Saturday, March 6, 2010

Book Review: A Princess of Mars

A Princess of Mars was the first book written by Edgar Rice Burroughs, more famous as the inventor of Tarzan. Dissatisfied by the adventure stories in the pulp magazines he read, he thought he could do better. His story was originally published in 1912 in All-Story Magazine as "Under the Moons of Mars.

The story takes place shortly after the American Civil War. John Carter, a Southern gentleman, is mysteriously transported to Mars. Since Mars has a lower gravity than Earth, he finds that he has what appears to the inhabitants to be superhuman strength. Taken prisoner by a race of monstrous and agressive Martians, he falls in love with a fellow captive, Dejah Thoris, princess of a race of humanoid, civilised Martians. Many thrilling, death-defying adventures ensue.

Mars is very imaginitively described (from the perspective of 1912), and the story is full of action, but none of the characters have any depth to them, and John Carter really only survives his adventures due to a combination of superhuman powers and lucky coincidences. I found the book entertaining enough while I was reading it but, to me, it's not very memorable. I read it in the first place because Gary Gygax, the co-author of the Dungeons & Dragons game, was a fan, and the copy I read had an introduction by Ray Bradbury, also a fan. If I had read the book first as a 12 year-old, like Ray Bradbury, I might have enjoyed it more.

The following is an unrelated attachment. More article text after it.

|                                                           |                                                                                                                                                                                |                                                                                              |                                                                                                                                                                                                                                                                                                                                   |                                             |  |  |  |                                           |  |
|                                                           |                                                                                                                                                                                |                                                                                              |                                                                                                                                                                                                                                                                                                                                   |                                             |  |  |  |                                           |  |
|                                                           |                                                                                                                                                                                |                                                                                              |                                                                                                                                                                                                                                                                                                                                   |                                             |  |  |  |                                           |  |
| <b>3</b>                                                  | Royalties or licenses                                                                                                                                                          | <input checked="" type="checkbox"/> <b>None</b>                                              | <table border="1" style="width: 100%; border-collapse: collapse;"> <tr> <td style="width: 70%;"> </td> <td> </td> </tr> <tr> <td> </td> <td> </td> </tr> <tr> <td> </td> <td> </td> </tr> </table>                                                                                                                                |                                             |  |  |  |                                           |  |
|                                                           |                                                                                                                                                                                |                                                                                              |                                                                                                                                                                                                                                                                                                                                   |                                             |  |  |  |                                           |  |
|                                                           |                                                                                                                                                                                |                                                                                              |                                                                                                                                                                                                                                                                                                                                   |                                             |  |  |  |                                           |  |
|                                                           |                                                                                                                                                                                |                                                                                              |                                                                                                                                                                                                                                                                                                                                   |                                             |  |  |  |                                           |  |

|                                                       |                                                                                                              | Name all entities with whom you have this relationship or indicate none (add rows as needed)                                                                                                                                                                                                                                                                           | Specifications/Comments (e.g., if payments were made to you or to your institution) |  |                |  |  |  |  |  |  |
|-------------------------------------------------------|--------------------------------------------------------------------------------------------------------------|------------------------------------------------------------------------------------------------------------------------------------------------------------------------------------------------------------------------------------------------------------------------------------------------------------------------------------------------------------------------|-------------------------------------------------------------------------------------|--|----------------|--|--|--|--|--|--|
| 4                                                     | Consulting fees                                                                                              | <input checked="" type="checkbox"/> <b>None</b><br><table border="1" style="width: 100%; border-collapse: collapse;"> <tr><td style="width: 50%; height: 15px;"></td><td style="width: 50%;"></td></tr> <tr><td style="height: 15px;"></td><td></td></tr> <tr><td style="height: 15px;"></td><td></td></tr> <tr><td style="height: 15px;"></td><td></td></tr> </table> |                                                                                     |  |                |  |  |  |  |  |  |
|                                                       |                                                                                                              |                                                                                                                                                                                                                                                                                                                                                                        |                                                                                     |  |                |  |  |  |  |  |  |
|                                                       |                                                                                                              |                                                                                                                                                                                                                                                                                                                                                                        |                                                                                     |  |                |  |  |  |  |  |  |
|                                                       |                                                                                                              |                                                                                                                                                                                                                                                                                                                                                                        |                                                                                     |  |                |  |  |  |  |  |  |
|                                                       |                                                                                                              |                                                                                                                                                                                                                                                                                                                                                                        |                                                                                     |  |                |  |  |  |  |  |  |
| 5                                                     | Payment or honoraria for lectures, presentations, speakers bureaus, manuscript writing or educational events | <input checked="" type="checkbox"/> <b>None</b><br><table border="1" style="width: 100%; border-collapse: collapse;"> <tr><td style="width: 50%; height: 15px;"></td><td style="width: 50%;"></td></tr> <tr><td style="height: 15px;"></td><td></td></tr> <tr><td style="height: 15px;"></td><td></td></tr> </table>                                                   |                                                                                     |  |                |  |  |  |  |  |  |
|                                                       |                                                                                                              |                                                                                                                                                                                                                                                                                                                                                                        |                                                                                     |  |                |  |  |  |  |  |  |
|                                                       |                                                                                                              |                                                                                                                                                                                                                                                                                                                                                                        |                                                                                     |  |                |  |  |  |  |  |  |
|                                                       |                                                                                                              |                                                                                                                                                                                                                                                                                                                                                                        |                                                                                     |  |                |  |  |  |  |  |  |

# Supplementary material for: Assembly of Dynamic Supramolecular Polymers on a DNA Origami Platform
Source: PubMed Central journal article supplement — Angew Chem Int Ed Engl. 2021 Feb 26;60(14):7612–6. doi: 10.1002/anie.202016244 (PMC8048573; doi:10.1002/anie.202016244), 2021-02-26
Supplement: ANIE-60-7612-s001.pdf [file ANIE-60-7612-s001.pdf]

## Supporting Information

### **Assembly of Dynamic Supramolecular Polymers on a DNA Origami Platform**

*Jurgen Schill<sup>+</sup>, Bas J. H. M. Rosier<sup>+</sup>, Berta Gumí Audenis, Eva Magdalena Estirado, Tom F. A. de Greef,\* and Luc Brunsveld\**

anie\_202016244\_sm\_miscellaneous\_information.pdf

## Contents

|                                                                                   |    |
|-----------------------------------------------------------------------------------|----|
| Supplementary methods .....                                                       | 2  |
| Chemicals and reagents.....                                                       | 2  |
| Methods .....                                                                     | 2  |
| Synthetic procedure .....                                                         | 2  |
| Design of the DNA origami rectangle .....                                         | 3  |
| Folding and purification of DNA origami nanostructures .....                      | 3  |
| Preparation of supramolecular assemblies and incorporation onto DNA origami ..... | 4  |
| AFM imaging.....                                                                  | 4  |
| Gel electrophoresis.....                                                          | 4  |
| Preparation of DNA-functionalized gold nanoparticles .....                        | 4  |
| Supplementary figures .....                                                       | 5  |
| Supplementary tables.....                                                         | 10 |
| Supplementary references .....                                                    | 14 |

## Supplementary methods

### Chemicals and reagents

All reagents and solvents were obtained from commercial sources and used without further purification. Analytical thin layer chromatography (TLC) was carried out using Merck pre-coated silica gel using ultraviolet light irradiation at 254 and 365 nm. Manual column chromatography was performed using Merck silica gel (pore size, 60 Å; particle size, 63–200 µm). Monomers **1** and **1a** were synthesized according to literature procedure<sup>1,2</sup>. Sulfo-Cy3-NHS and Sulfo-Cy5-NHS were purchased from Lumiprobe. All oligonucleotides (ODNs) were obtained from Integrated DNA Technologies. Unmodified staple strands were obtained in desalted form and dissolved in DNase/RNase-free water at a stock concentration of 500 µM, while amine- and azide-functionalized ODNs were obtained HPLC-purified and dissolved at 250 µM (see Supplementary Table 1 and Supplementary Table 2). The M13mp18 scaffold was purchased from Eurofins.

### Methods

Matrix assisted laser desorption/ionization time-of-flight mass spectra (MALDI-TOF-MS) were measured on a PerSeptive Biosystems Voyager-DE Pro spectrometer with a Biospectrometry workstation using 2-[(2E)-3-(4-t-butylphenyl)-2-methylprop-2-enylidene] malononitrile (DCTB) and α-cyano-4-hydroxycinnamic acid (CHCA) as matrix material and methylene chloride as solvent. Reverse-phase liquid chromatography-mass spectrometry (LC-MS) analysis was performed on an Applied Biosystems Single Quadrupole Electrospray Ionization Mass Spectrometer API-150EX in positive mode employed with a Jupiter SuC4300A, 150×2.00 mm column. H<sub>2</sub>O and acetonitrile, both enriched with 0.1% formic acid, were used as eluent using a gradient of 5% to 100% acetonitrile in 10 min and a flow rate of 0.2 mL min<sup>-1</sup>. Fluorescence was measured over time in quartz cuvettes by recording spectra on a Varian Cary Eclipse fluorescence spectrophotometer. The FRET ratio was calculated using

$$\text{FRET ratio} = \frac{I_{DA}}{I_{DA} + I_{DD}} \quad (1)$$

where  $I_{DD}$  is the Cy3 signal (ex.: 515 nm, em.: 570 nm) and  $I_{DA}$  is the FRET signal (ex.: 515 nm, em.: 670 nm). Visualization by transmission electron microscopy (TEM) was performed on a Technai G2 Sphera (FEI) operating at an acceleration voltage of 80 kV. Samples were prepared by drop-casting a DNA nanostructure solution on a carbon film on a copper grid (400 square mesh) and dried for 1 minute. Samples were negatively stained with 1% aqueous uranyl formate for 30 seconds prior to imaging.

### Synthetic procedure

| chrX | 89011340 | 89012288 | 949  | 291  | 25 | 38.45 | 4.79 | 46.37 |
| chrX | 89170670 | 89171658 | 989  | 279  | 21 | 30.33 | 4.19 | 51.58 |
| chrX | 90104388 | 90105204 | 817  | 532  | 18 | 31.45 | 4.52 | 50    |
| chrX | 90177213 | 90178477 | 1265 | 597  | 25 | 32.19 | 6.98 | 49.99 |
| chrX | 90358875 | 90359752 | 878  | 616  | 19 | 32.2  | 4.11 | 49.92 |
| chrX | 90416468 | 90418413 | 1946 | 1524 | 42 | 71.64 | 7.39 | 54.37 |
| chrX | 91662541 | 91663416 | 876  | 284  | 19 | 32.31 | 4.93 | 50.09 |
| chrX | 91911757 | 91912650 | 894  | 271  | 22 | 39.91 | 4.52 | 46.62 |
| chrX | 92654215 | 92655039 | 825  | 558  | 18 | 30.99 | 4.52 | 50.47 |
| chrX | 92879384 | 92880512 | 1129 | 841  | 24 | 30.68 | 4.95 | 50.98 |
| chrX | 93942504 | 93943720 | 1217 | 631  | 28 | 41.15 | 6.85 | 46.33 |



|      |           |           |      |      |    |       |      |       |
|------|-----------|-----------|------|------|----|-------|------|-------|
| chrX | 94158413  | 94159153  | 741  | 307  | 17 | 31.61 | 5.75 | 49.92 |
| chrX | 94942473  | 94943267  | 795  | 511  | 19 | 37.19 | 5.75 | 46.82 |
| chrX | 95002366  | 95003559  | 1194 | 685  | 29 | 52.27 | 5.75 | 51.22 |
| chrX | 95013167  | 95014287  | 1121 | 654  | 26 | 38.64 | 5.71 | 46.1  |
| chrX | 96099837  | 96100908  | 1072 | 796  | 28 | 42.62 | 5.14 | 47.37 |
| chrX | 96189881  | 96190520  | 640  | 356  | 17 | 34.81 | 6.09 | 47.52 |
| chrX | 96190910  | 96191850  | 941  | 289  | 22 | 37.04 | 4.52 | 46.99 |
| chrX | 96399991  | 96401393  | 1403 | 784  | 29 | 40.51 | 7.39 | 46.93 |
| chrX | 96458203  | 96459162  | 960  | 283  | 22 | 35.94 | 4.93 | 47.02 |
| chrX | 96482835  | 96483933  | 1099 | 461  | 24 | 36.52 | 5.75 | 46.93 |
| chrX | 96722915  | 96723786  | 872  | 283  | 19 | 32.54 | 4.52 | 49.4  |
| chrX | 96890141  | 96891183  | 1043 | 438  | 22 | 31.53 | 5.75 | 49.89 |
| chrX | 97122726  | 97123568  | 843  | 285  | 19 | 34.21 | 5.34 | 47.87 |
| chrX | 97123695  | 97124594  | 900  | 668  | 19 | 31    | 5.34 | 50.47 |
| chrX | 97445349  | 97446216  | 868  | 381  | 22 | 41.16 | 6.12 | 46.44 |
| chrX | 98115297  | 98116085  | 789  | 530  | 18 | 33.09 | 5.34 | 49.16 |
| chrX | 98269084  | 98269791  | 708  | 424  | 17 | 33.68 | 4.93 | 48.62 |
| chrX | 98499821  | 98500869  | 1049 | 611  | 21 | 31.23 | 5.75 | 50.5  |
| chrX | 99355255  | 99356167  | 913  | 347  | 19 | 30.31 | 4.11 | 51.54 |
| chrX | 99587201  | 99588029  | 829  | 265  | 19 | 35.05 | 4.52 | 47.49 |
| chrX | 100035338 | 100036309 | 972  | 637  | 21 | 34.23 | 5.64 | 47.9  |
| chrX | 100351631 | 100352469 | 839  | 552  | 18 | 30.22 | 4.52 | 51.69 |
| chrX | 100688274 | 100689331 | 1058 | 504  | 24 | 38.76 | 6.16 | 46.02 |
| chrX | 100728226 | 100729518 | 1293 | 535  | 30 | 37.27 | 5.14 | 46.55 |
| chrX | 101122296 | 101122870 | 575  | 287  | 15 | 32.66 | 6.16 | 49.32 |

I read the Modern Library Classics edition, which also contains a short biography of the author, and the original illustrations by Frank E. Schoovener, which are nothing special. At the back of the book is a reading group guide, which consists of several questions, exactly like exam questions. I don't think this would be a good book for most reading groups.

Score: 5/10


Arkhein said...

That's an interesting review. I was planning, one day, to revisit the John Carter books. Honestly, I can't remember much about them except there were red and green Martians and some dudes with extra arms and there was a atmosphere generator maybe?

I'm wondering if the reason I don't remember much about them was because there really isn't much to remember. :) But I do have a fond feeling for them - which may be because I did read them when I was 12.

Thanks for reviewing.

- Ark

Scott said...

"Gods of Mars" is a great leap (heh) ahead of A Princess of Mars. Probably the best of the Mars books.